Running in the Sun: Tips for Protecting Your Skin

"Start taking it seriously." That's the advice of 2004 Olympic bronze medalist Deena Kastor when it comes to sun protection. Kastor, unfortunately, is somewhat of an expert on the subject. In March, she was diagnosed for the third time with malignant melanoma, the most serious form of skin cancer. Since her first bout in 2003, Kastor has been getting check-ups every three months. Her latest melanoma was caught and removed early.

"I chalk it up to some weak years around high school, when I was running and wasn't such a stickler about putting on sunscreen and protecting myself," says Kastor, 34, the fastest woman marathoner in American history. "I'm paying the price right now."

Chances are, many of us haven't been sticklers, either. A recent, widely publicized study found more abnormal moles and lesions in marathoners than nonmarathoners and also reported that only 56 percent of the runners said they put on sunscreen regularly. "The study is not a reason to stop running outdoors," says Peter O'Neill, M.D., a dermatologist in Garden City, New York, who's training for his second marathon. "But it is a reason to start taking sun protection seriously."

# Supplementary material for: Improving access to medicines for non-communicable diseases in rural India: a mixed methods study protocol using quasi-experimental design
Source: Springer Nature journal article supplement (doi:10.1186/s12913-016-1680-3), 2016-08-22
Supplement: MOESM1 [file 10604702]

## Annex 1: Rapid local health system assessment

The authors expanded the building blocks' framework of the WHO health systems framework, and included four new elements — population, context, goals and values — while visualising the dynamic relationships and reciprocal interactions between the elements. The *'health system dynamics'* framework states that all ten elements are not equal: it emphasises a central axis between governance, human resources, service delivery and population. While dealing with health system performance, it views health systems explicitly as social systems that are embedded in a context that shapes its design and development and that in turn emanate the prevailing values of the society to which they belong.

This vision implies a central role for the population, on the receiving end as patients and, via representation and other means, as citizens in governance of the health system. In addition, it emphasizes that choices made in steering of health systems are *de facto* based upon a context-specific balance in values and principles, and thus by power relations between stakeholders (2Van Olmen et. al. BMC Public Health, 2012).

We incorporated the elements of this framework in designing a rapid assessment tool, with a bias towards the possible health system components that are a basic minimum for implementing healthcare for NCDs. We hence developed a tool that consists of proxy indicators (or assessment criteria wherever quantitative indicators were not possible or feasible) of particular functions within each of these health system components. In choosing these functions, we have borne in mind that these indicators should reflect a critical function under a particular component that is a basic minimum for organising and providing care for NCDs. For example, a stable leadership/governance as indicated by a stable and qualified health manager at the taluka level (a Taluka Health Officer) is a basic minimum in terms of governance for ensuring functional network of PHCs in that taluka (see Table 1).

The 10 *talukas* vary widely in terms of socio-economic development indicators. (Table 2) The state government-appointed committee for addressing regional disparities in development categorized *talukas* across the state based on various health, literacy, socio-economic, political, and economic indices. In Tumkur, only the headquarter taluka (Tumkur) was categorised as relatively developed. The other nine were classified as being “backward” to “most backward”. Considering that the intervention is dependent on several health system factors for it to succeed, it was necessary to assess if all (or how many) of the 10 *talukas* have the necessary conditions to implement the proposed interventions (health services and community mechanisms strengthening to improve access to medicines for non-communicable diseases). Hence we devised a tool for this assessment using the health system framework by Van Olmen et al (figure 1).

Dr. O'Neill recommends using a sunscreen that's waterproof, has an SPF of 30, and offers "broad spectrum" protection, which means it protects against both UVA and UVB rays. "Some sunscreens only protect against B," he says. "But it's the A, the longer wave of ultraviolet light, that penetrates the skin more deeply."

Slather on a good sunscreen at least 20 minutes before you head out so that your skin has time to absorb the lotion. Running early in the morning, before the sun's intensity is at its greatest, is also an important preventive step, as is wearing protective clothing, including a broad-billed hat and sunglasses. "It's nice to run in just a tank top and shorts," says Dr. O'Neill, "but you're better off running like those guys in the desert who wear the long-sleeve, lightweight fabrics."

Which is exactly what Kastor has started doing during her training runs in Mammoth Lakes, California. "The long-sleeve shirts are really thin and light, they have added SPF in the fabric, and they feel fine," she says.

While all the precautions Kastor is now taking haven't been enough yet to overcome either her genetic predisposition or her youthful sun transgressions, she's approaching the situation with a healthy attitude. "That's what this sport is all about," she says. "We run because it's a healthy thing to do."

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